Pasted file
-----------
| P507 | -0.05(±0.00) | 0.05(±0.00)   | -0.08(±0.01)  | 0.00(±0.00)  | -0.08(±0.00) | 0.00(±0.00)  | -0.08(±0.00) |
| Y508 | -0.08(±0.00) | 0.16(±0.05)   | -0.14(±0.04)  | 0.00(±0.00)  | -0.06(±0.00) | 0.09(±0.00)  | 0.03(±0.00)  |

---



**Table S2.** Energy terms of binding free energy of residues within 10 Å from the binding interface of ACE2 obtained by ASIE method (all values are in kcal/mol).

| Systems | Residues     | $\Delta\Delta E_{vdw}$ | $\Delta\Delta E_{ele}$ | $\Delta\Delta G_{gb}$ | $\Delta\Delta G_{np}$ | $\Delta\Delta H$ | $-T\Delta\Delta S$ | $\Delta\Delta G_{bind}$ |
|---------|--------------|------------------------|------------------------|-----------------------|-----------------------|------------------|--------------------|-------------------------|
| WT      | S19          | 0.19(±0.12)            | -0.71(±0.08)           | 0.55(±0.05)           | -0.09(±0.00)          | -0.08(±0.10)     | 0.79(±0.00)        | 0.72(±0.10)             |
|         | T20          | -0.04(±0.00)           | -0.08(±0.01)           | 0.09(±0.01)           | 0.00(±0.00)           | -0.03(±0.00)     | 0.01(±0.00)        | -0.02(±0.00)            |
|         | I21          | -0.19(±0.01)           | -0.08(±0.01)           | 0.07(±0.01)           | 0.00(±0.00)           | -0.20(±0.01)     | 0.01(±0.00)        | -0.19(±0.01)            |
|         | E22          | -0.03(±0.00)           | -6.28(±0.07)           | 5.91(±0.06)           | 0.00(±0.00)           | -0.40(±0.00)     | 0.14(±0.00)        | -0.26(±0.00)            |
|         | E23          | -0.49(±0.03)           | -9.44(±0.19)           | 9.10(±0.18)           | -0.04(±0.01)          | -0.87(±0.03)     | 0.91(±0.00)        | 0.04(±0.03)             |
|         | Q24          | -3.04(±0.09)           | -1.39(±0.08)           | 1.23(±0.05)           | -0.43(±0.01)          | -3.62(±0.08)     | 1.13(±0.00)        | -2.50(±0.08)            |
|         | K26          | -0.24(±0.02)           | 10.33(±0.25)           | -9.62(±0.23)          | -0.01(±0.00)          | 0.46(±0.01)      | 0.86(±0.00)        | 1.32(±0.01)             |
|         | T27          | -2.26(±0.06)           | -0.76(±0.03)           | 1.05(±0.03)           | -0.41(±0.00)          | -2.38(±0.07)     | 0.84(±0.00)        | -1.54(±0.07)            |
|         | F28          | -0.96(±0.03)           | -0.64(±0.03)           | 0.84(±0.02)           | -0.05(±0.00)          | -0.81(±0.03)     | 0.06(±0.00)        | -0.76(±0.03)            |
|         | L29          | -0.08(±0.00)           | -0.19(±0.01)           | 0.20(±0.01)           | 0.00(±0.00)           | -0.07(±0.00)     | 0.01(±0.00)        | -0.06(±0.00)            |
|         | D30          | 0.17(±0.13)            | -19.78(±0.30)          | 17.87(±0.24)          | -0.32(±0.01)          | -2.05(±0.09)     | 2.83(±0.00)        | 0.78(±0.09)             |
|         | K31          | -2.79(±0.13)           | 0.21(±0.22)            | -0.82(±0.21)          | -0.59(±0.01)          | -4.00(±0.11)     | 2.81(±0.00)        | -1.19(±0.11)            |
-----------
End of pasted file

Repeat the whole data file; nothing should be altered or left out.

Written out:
| P507 | -0.05(±0.00) | 0.05(±0.00)   | -0.08(±0.01)  | 0.00(±0.00)  | -0.08(±0.00) | 0.00(±0.00)  | -0.08(±0.00) |
| Y508 | -0.08(±0.00) | 0.16(±0.05)   | -0.14(±0.04)  | 0.00(±0.00)  | -0.06(±0.00) | 0.09(±0.00)  | 0.03(±0.00)  |

---



**Table S2.** Energy terms of binding free energy of residues within 10 Å from the binding interface of ACE2 obtained by ASIE method (all values are in kcal/mol).

| Systems | Residues     | $\Delta\Delta E_{vdw}$ | $\Delta\Delta E_{ele}$ | $\Delta\Delta G_{gb}$ | $\Delta\Delta G_{np}$ | $\Delta\Delta H$ | $-T\Delta\Delta S$ | $\Delta\Delta G_{bind}$ |
|---------|--------------|------------------------|------------------------|-----------------------|-----------------------|------------------|--------------------|-------------------------|
| WT      | S19          | 0.19(±0.12)            | -0.71(±0.08)           | 0.55(±0.05)           | -0.09(±0.00)          | -0.08(±0.10)     | 0.79(±0.00)        | 0.72(±0.10)             |
|         | T20          | -0.04(±0.00)           | -0.08(±0.01)           | 0.09(±0.01)           | 0.00(±0.00)           | -0.03(±0.00)     | 0.01(±0.00)        | -0.02(±0.00)            |
|         | I21          | -0.19(±0.01)           | -0.08(±0.01)           | 0.07(±0.01)           | 0.00(±0.00)           | -0.20(±0.01)     | 0.01(±0.00)        | -0.19(±0.01)            |
|         | E22          | -0.03(±0.00)           | -6.28(±0.07)           | 5.91(±0.06)           | 0.00(±0.00)           | -0.40(±0.00)     | 0.14(±0.00)        | -0.26(±0.00)            |
|         | E23          | -0.49(±0.03)           | -9.44(±0.19)           | 9.10(±0.18)           | -0.04(±0.01)          | -0.87(±0.03)     | 0.91(±0.00)        | 0.04(±0.03)             |
|         | Q24          | -3.04(±0.09)           | -1.39(±0.08)           | 1.23(±0.05)           | -0.43(±0.01)          | -3.62(±0.08)     | 1.13(±0.00)        | -2.50(±0.08)            |
|         | K26          | -0.24(±0.02)           | 10.33(±0.25)           | -9.62(±0.23)          | -0.01(±0.00)          | 0.46(±0.01)      | 0.86(±0.00)        | 1.32(±0.01)             |
|         | T27          | -2.26(±0.06)           | -0.76(±0.03)           | 1.05(±0.03)           | -0.41(±0.00)          | -2.38(±0.07)     | 0.84(±0.00)        | -1.54(±0.07)            |
|         | F28          | -0.96(±0.03)           | -0.64(±0.03)           | 0.84(±0.02)           | -0.05(±0.00)          | -0.81(±0.03)     | 0.06(±0.00)        | -0.76(±0.03)            |
|         | L29          | -0.08(±0.00)           | -0.19(±0.01)           | 0.20(±0.01)           | 0.00(±0.00)           | -0.07(±0.00)     | 0.01(±0.00)        | -0.06(±0.00)            |
|         | D30          | 0.17(±0.13)            | -19.78(±0.30)          | 17.87(±0.24)          | -0.32(±0.01)          | -2.05(±0.09)     | 2.83(±0.00)        | 0.78(±0.09)             |
|         | K31          | -2.79(±0.13)           | 0.21(±0.22)            | -0.82(±0.21)          | -0.59(±0.01)          | -4.00(±0.11)     | 2.81(±0.00)        | -1.19(±0.11)            |